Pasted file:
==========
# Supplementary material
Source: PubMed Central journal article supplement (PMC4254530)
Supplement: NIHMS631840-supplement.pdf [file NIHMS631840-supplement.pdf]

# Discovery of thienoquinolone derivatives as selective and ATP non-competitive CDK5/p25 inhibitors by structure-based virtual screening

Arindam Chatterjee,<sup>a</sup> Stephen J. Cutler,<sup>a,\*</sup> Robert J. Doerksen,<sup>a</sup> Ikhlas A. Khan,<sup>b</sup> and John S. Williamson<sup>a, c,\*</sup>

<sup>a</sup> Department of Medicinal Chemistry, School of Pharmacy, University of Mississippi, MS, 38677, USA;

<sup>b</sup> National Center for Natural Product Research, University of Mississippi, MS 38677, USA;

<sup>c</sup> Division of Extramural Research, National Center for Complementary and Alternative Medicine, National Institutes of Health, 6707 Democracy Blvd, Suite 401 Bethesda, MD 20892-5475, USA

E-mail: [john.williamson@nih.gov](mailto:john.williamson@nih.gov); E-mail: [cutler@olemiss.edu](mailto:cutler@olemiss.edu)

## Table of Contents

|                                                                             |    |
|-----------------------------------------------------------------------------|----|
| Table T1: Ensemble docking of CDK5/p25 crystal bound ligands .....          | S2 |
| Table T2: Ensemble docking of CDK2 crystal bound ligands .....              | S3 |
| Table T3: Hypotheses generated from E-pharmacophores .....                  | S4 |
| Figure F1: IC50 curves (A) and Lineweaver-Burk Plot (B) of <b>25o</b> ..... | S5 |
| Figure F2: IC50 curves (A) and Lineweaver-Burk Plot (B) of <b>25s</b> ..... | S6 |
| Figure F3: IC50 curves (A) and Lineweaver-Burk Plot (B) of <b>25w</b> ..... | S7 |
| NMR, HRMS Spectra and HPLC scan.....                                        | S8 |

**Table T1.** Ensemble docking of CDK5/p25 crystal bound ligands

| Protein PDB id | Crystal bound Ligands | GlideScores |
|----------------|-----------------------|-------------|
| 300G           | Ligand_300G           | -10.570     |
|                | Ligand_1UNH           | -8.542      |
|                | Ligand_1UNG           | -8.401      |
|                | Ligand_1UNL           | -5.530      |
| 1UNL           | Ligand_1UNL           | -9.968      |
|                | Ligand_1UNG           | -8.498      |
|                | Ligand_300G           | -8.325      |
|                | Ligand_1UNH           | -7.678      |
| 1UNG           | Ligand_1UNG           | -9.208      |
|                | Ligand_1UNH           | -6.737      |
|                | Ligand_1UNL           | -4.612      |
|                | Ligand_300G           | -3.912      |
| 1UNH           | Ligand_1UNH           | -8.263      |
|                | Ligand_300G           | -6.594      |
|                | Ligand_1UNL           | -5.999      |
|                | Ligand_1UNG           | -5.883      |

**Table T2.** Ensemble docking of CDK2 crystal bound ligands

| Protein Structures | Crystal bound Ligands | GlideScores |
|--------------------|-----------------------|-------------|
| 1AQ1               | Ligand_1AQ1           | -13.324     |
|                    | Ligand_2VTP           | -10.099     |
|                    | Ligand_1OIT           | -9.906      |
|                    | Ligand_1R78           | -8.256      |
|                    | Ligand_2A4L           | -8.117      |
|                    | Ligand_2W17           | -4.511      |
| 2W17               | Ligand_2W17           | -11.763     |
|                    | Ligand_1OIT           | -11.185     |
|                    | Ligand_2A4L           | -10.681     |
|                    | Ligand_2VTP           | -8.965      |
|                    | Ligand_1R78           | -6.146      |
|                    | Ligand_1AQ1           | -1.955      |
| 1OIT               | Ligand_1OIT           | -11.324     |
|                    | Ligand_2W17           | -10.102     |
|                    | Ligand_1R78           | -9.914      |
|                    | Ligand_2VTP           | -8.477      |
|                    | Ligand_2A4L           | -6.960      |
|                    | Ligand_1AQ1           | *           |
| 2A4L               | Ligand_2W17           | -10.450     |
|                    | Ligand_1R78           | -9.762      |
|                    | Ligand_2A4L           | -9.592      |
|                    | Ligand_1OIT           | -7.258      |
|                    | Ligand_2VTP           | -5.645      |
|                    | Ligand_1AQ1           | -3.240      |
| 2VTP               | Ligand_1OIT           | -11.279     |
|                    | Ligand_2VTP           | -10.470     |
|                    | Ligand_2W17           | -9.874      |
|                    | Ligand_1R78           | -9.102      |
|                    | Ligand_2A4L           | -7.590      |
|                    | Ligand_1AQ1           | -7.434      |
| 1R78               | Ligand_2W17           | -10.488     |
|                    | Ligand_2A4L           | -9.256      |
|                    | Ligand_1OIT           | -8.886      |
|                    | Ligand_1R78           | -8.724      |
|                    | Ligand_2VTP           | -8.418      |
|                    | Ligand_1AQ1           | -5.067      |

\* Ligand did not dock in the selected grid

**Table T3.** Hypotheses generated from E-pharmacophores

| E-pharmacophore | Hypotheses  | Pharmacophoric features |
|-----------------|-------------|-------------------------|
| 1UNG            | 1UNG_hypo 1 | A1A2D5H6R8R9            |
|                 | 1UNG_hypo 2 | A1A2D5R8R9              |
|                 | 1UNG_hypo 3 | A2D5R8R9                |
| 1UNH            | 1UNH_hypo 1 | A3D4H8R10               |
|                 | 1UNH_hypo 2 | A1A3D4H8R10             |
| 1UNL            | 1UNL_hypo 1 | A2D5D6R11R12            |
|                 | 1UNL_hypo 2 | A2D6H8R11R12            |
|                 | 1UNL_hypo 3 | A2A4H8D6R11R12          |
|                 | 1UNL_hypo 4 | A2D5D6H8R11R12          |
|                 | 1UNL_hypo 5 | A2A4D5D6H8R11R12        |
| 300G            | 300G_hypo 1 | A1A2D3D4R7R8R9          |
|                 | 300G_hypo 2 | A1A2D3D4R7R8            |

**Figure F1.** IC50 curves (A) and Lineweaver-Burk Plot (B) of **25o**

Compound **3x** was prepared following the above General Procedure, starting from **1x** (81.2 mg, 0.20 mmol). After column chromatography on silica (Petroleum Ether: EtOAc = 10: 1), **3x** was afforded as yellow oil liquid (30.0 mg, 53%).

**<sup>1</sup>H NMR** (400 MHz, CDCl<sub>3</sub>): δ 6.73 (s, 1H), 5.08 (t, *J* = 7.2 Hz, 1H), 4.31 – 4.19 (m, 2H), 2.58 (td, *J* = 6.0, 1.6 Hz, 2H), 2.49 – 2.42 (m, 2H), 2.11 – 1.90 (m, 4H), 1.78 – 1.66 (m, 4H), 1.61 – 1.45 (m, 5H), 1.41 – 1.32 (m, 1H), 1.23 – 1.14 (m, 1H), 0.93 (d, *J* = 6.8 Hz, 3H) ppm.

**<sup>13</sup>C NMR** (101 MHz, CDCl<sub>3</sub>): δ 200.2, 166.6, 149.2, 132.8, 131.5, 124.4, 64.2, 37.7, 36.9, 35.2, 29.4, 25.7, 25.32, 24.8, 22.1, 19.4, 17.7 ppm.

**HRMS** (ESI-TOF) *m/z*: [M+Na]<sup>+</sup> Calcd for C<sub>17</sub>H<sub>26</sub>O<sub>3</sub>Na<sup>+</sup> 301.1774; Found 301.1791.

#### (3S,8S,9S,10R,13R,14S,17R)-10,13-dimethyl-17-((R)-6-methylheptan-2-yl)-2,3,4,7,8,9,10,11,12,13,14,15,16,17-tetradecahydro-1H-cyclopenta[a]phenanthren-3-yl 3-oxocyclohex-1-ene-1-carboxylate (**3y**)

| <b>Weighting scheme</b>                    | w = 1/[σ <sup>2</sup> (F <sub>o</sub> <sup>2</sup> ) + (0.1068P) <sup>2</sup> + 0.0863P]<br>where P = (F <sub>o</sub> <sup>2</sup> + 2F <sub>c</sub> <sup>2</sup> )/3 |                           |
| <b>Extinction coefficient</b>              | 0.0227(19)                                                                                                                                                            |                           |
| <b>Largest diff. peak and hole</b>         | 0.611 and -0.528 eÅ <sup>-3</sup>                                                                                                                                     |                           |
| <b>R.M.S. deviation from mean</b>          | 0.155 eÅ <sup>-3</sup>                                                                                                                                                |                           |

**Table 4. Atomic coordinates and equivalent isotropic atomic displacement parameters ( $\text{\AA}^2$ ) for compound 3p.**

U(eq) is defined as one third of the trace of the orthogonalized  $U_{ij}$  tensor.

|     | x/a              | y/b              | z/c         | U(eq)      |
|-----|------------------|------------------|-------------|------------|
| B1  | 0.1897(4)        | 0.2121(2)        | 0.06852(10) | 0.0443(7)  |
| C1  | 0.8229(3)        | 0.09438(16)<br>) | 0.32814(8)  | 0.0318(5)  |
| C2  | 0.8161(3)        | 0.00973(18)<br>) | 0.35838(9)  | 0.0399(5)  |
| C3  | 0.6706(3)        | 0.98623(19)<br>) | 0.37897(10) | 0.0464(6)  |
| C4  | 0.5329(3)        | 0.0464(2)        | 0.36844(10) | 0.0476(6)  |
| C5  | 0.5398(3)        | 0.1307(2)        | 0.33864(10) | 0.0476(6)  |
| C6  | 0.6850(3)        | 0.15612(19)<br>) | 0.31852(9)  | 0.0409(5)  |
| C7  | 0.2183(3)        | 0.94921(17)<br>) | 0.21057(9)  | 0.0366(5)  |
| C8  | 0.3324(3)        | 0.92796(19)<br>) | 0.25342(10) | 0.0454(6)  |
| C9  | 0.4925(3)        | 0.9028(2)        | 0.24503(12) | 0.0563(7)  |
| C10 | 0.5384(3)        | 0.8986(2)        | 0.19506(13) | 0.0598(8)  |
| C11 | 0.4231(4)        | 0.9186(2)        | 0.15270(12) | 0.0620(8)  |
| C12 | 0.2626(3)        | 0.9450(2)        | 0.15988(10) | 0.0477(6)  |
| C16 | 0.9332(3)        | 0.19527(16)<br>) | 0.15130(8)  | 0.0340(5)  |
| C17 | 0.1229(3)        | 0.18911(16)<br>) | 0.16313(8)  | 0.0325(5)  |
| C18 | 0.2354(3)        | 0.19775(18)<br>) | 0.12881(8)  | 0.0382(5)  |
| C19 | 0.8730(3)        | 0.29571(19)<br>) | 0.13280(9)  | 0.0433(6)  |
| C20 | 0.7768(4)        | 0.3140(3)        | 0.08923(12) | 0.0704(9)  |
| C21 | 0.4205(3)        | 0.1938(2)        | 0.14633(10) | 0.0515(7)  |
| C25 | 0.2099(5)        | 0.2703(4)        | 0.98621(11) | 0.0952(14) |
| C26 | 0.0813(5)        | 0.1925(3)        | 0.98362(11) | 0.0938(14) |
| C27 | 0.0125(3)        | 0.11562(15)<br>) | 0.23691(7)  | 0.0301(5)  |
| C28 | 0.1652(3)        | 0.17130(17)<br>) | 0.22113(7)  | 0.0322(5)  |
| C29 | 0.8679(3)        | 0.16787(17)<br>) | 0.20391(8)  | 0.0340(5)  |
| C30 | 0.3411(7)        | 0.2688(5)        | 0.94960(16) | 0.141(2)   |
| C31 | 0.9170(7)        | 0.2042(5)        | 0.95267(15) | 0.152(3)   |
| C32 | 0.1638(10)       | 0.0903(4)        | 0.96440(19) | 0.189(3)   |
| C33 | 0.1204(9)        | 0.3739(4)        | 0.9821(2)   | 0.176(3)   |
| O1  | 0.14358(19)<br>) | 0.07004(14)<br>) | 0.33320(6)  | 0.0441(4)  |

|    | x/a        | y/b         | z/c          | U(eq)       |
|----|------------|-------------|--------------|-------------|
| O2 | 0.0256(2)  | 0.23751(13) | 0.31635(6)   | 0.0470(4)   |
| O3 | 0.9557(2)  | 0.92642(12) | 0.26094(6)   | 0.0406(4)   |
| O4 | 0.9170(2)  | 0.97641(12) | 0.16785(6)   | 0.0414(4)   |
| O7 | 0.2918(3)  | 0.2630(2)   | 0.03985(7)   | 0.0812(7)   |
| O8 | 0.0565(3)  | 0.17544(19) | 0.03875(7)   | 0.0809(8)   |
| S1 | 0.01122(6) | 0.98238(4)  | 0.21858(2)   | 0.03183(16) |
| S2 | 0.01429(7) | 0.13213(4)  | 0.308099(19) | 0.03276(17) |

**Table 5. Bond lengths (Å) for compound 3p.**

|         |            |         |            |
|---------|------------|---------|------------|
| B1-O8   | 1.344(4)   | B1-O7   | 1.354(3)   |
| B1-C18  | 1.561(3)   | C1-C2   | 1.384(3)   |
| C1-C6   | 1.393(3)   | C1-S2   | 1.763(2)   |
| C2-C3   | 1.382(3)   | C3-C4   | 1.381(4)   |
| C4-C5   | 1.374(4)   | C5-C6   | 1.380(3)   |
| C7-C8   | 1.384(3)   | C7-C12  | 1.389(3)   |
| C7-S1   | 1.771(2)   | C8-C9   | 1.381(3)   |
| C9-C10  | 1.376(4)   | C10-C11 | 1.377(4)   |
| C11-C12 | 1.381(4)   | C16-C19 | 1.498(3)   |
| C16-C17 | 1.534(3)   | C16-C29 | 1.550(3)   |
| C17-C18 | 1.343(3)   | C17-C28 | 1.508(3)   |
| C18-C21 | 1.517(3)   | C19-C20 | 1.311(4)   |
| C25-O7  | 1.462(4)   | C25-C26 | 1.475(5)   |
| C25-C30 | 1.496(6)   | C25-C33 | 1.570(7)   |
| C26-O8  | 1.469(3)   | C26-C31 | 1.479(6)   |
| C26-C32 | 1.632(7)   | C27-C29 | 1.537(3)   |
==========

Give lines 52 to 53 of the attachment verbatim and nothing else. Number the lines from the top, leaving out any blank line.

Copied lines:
|                    | Ligand_1R78           | -6.146      |
|                    | Ligand_1AQ1           | -1.955      |